A comparative analysis of chimpanzee and bonobo brains has shed some light on human social behavior. Not surprisingly, human behavior is between bonobos and chimpanzees, with the average human male closer to bonobos in behavior, but status-striving males closer to chimpanzees. I will also note that sociopaths are almost identical to chimpanzees in behavior. In any case, humans vary between the two.
The first article notes that bonobos separated off from the chimpanzee line after the chimpanzee/bonobo line split from what would become humans. I doubt that. There is good evidence that chimpanzees split from the human/bonobo line, and then the humans and bonobos split. Superficially bonobos look more like chimpanzees than humans, but the fact that bonobos share several neotenous traits with humans, including vaginal angle (allowing for more comfortable face-to-face copulation), suggests such a branching. This would also make sense of the similarities in brain activity/behavior as well as the fact that bonobos are genetically closer to humans than are chimpanzees.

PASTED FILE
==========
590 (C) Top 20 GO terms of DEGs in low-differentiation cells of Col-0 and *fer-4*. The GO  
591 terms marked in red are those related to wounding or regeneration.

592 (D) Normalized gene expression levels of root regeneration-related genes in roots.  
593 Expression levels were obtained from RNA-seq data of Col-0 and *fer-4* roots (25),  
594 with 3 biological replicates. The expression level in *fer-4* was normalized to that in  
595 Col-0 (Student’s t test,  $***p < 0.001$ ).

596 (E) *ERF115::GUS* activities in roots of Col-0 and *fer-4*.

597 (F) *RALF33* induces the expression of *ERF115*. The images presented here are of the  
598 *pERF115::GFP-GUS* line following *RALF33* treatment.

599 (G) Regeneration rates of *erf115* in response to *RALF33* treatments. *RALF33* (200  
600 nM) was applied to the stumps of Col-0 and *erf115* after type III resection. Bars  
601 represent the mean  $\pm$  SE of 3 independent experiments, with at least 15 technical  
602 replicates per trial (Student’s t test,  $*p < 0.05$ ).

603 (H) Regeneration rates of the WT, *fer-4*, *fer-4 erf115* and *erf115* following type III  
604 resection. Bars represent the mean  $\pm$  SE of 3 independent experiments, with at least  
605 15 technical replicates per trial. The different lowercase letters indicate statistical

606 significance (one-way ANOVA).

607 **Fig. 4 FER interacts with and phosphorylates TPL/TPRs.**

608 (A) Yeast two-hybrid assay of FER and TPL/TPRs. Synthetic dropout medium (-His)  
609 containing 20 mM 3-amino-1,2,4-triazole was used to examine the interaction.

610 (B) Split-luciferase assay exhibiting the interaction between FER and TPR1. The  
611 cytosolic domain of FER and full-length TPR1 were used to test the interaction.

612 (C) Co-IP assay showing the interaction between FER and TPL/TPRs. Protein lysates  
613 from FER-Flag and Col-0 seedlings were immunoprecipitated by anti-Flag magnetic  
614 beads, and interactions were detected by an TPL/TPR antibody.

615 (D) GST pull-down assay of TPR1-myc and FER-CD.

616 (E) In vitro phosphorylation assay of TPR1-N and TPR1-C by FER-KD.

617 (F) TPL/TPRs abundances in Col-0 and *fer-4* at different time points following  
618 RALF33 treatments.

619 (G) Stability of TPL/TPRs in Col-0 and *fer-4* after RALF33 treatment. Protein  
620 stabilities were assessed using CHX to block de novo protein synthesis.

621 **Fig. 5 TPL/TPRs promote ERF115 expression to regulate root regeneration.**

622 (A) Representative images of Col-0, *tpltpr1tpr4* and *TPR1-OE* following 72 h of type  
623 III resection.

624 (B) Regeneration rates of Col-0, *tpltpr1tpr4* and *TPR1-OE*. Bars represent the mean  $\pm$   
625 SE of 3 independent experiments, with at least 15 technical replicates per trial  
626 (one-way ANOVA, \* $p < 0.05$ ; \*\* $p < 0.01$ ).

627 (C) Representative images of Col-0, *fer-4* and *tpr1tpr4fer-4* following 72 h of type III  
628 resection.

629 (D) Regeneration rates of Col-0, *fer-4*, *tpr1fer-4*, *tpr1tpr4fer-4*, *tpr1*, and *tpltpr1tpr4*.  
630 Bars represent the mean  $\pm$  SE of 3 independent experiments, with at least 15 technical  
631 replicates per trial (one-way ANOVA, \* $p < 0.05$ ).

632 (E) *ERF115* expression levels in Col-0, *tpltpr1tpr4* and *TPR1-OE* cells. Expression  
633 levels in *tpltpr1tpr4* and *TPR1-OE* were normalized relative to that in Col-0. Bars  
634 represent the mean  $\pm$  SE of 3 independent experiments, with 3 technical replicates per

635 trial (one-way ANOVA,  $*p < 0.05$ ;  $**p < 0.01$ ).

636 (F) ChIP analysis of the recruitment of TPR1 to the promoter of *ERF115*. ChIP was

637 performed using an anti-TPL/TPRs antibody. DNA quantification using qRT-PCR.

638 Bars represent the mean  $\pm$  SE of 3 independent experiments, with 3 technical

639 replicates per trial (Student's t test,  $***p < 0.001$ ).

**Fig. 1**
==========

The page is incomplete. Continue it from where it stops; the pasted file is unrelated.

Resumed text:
What does all of this have to do with literature? Well, if we understand the fact that humans behaviorally are between chimpanzees and bonobos, then it suggests we should try to understand both species to understand better our own. Perhaps we can make more sense of characters' behaviors by understanding their closeness to chimpanzee or bonobo behavior.